I didn’t fix it by trying to tweak my normal routines. I fixed it by nuking big parts of my routine. I started taking my lunch with me to work, along with a beverage for the ride, and I assembled it the night before. I started keeping a bunch of my own beverages in the fridge, replacing the bottled drinks I got at the convenience store. I started going to the library once a week or so and checking out a lot of books so I always had a strong sense of already having fresh and new books at home. I actually changed my commuting route as well.

I focused strongly on building up those new routines and, more or less, they held. My incidental spending dropped like a rock.

It’s all about changing routines. You have to knock down your old routines and build new ones to replace them or nothing will ever change.

4. Massimo Pigliucci on the philosophy of stoicism

From the description:

What is the best life we can live? How can we cope with whatever the universe throws at us and keep thriving nonetheless? The ancient Greco-Roman philosophy of Stoicism explains that while we may not always have control over the events affecting us, we can have control over how we approach things. Massimo Pigliucci describes the philosophy of Stoicism.

This is a great summary of the philosophy of stoicism, reduced down to a short animated video that’s clear enough for anyone to follow. Stoicism has become fairly popular in recent years as a philosophy to live by. Why? Because it works really well.

At its core, stoicism is all about controlling what we can control and not having an automatic emotional response (and acting based on that emotion) to the things we cannot control. You can’t control a lot of the unexpected events in your life, but you can control your response. You can’t control most of the things that would cause you pain, but you can control how you deal with that pain. That’s stoicism.

This is a really really powerful way of dealing with almost anything that life might send at you.

5. Gandhi on the ocean of humanity

“You must not lose faith in humanity. Humanity is an ocean; if a few drops of the ocean are dirty, the ocean does not become dirty.” – Mahatma Gandhi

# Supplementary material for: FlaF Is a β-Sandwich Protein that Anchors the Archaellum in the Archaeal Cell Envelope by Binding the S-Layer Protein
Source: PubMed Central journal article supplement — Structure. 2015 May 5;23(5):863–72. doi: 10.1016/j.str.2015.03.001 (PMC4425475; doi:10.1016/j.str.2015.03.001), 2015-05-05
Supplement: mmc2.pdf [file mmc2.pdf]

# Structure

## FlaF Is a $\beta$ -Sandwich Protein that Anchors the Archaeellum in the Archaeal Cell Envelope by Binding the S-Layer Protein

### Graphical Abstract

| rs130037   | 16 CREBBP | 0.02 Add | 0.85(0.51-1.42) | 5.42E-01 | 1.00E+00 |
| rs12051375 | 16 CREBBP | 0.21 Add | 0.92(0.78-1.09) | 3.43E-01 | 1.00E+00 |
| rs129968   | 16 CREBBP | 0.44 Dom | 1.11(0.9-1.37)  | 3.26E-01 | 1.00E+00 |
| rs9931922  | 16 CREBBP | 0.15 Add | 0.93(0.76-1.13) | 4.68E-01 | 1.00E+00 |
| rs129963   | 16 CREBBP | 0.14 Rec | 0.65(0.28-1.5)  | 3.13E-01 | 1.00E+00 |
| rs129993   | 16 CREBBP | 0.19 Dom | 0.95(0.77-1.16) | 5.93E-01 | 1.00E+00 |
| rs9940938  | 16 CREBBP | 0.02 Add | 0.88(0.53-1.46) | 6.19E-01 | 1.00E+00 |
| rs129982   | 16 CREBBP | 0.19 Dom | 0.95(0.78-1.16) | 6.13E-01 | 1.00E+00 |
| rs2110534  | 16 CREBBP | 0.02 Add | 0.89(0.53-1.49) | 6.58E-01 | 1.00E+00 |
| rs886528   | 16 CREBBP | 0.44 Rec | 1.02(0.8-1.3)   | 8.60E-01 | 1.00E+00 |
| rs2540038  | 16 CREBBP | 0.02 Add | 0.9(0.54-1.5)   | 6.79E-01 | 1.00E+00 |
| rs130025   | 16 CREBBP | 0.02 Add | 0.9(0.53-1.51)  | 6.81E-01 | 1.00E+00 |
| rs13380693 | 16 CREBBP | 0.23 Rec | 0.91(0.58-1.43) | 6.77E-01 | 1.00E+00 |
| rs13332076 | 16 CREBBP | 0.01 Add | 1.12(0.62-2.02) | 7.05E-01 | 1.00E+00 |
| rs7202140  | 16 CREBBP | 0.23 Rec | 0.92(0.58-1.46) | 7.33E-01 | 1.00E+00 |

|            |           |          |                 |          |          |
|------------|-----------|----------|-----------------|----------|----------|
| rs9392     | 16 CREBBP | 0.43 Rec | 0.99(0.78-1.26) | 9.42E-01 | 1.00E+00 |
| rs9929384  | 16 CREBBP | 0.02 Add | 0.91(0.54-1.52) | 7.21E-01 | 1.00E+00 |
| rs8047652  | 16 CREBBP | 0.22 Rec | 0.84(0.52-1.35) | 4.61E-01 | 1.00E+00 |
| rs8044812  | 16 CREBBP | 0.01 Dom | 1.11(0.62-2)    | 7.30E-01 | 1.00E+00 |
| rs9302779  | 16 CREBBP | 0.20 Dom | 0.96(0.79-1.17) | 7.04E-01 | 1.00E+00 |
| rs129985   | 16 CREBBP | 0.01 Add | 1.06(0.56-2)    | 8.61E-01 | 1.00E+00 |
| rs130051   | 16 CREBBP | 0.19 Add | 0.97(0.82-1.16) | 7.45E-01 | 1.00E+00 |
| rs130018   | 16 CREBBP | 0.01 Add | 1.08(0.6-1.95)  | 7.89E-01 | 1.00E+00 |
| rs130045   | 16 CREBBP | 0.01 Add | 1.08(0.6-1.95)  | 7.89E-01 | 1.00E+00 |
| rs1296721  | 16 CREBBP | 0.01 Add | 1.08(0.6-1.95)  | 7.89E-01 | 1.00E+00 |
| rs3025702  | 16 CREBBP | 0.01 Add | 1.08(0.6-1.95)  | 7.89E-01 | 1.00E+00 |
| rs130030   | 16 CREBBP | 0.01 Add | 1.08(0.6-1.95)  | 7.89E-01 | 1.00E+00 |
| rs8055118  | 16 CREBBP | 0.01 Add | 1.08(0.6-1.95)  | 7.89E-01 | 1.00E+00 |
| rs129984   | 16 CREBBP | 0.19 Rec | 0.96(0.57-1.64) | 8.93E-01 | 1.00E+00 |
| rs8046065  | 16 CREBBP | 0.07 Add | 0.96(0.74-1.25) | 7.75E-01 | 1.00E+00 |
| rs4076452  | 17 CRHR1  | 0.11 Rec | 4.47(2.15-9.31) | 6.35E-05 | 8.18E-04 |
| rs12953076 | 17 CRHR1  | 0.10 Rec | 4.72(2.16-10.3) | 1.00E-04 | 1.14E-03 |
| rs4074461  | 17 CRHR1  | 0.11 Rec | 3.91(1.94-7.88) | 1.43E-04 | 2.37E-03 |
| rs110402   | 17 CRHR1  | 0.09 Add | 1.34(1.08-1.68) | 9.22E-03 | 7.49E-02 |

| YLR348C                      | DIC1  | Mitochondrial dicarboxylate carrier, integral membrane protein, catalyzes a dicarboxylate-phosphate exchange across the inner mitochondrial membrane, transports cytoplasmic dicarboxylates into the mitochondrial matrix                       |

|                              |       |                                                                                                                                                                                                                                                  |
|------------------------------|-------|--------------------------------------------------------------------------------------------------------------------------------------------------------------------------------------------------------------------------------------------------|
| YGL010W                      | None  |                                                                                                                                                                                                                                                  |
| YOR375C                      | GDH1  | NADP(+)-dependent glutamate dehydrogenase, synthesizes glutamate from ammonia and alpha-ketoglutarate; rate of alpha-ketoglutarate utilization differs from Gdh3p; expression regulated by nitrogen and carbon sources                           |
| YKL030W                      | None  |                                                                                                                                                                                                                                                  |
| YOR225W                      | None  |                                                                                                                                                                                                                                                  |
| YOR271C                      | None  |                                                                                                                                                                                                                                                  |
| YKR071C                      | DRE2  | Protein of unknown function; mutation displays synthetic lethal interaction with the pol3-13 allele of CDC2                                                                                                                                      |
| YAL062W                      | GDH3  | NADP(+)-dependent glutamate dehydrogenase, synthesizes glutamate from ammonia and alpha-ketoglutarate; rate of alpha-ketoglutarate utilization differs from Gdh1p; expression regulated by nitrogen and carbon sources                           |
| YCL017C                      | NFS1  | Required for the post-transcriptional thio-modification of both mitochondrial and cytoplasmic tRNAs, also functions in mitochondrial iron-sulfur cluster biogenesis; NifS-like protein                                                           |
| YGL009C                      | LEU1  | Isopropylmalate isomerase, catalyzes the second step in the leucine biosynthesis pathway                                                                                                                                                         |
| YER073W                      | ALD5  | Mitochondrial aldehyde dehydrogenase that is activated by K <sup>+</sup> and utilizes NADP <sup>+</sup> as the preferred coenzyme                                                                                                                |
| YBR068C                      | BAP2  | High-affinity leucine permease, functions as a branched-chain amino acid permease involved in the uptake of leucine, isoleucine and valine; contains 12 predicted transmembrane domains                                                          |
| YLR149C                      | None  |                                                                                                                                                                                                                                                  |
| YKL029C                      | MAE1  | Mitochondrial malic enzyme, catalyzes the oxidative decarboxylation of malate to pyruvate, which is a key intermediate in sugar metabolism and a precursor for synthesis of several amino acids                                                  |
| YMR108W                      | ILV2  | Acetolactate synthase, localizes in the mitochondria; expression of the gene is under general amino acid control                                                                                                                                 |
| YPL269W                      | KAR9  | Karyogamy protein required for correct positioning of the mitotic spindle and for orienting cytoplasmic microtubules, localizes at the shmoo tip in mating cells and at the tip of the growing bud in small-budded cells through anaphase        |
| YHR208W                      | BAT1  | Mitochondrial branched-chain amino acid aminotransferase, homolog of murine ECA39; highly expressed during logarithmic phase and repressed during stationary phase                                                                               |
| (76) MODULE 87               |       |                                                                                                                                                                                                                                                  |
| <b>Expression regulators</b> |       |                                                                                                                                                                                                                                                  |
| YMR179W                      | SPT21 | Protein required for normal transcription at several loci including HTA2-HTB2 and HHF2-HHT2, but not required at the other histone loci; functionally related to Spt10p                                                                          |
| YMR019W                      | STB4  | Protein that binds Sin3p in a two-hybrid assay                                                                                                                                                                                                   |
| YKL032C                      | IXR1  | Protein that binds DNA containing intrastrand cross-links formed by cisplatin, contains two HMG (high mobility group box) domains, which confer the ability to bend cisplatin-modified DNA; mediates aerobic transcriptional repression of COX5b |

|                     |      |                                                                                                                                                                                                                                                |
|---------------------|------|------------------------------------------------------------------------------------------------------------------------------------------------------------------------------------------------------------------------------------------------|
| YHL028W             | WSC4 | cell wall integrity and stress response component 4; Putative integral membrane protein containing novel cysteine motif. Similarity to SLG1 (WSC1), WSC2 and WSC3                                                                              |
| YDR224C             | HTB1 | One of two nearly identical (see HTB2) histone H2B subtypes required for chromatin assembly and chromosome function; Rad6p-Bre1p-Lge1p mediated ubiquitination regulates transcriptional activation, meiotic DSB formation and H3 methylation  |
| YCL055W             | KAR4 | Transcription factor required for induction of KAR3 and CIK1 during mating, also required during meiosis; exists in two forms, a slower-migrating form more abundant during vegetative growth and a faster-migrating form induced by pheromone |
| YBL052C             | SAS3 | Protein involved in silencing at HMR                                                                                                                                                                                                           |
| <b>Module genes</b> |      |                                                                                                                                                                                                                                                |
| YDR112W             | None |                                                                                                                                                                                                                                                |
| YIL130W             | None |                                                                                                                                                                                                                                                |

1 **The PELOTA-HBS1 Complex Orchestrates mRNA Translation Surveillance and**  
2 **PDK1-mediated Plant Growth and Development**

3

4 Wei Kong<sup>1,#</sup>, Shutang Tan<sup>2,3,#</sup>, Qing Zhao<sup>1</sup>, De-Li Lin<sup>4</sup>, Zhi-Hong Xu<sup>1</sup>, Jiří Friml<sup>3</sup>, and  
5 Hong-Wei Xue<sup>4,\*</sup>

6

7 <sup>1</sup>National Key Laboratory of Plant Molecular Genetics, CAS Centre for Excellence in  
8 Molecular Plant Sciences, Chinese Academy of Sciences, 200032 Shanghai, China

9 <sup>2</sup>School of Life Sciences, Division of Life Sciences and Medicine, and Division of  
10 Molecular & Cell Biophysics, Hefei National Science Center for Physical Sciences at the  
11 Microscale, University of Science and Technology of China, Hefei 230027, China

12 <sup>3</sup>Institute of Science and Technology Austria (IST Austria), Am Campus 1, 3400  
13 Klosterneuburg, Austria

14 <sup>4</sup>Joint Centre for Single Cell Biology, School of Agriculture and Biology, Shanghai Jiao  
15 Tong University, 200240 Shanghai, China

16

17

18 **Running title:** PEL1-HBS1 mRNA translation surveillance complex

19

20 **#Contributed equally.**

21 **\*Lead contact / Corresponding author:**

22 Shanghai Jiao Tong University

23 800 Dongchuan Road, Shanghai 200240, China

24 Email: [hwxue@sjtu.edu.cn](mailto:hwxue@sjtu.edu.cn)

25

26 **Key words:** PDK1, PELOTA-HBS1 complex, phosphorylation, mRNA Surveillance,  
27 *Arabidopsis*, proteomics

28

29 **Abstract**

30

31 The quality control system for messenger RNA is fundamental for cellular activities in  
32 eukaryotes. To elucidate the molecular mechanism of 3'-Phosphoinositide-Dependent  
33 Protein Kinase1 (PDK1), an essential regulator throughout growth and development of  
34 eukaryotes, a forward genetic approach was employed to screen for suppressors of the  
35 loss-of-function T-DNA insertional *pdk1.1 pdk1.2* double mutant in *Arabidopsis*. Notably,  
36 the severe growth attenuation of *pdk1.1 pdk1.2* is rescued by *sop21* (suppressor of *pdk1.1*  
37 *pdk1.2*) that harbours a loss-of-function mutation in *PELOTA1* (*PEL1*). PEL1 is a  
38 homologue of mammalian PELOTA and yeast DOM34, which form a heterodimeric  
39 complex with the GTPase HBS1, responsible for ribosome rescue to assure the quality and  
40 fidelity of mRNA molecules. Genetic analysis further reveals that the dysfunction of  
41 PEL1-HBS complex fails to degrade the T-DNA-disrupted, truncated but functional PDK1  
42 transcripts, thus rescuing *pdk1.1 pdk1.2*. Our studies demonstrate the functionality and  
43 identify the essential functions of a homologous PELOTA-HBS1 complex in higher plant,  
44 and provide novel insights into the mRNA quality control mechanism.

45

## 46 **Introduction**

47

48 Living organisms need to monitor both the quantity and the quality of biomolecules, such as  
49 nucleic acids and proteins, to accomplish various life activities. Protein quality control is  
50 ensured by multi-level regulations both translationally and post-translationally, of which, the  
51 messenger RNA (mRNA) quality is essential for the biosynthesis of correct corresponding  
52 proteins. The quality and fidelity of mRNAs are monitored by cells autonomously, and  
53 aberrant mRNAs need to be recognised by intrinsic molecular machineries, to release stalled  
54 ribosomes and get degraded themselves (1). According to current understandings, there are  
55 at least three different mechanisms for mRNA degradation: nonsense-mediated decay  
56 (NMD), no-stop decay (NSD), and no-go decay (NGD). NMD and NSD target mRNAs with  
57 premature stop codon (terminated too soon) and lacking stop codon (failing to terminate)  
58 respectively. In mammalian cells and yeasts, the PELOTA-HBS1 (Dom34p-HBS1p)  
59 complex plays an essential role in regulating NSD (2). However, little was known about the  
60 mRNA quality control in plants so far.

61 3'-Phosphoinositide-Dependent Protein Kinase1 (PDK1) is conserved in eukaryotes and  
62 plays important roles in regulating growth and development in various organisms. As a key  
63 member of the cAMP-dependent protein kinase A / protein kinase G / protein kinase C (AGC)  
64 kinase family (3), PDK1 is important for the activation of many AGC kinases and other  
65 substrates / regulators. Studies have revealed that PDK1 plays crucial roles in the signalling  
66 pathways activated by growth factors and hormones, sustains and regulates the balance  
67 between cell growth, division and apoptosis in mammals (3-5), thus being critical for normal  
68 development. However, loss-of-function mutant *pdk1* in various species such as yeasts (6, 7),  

There are always going to be people you disagree with in life. There are always going to be people out there who are negative. There are always going to be people out there who would do harm.

Those people are a mere drop in the ocean of humanity. The angry guy at the beach, the angry woman with road rage, even the ten thousand online people raging about things, all of them are the tiniest droplets of the more than seven billion people on earth.

Those people are loud and you want to look at them, but look elsewhere. Look at the many, many good things going on in the world.

If you don’t see good things, try reading Enlightenment Now by Steven Pinker, which summarizes many of the enormous advantages of the world we live in today, or even watch this summary video. Don’t get distracted from that. Don’t get caught in the negative spiral.

6. Ten Meter Tower

This is a brief documentary that shows a series of people going up to the top of a ten meter high diving tower above a swimming pool. They look down roughly thirty three feet at the pool and then have to ask themselves whether they have the courage to jump or not.

I have fairly severe altophobia. While I’m okay climbing a fairly steep hill, I don’t enjoy going to the top of things like lighthouses or other structures. Consciously, I’m aware that a dive into a pool from a ten meter height wouldn’t kill me, but unconsciously, the idea sounds incredibly unpleasant.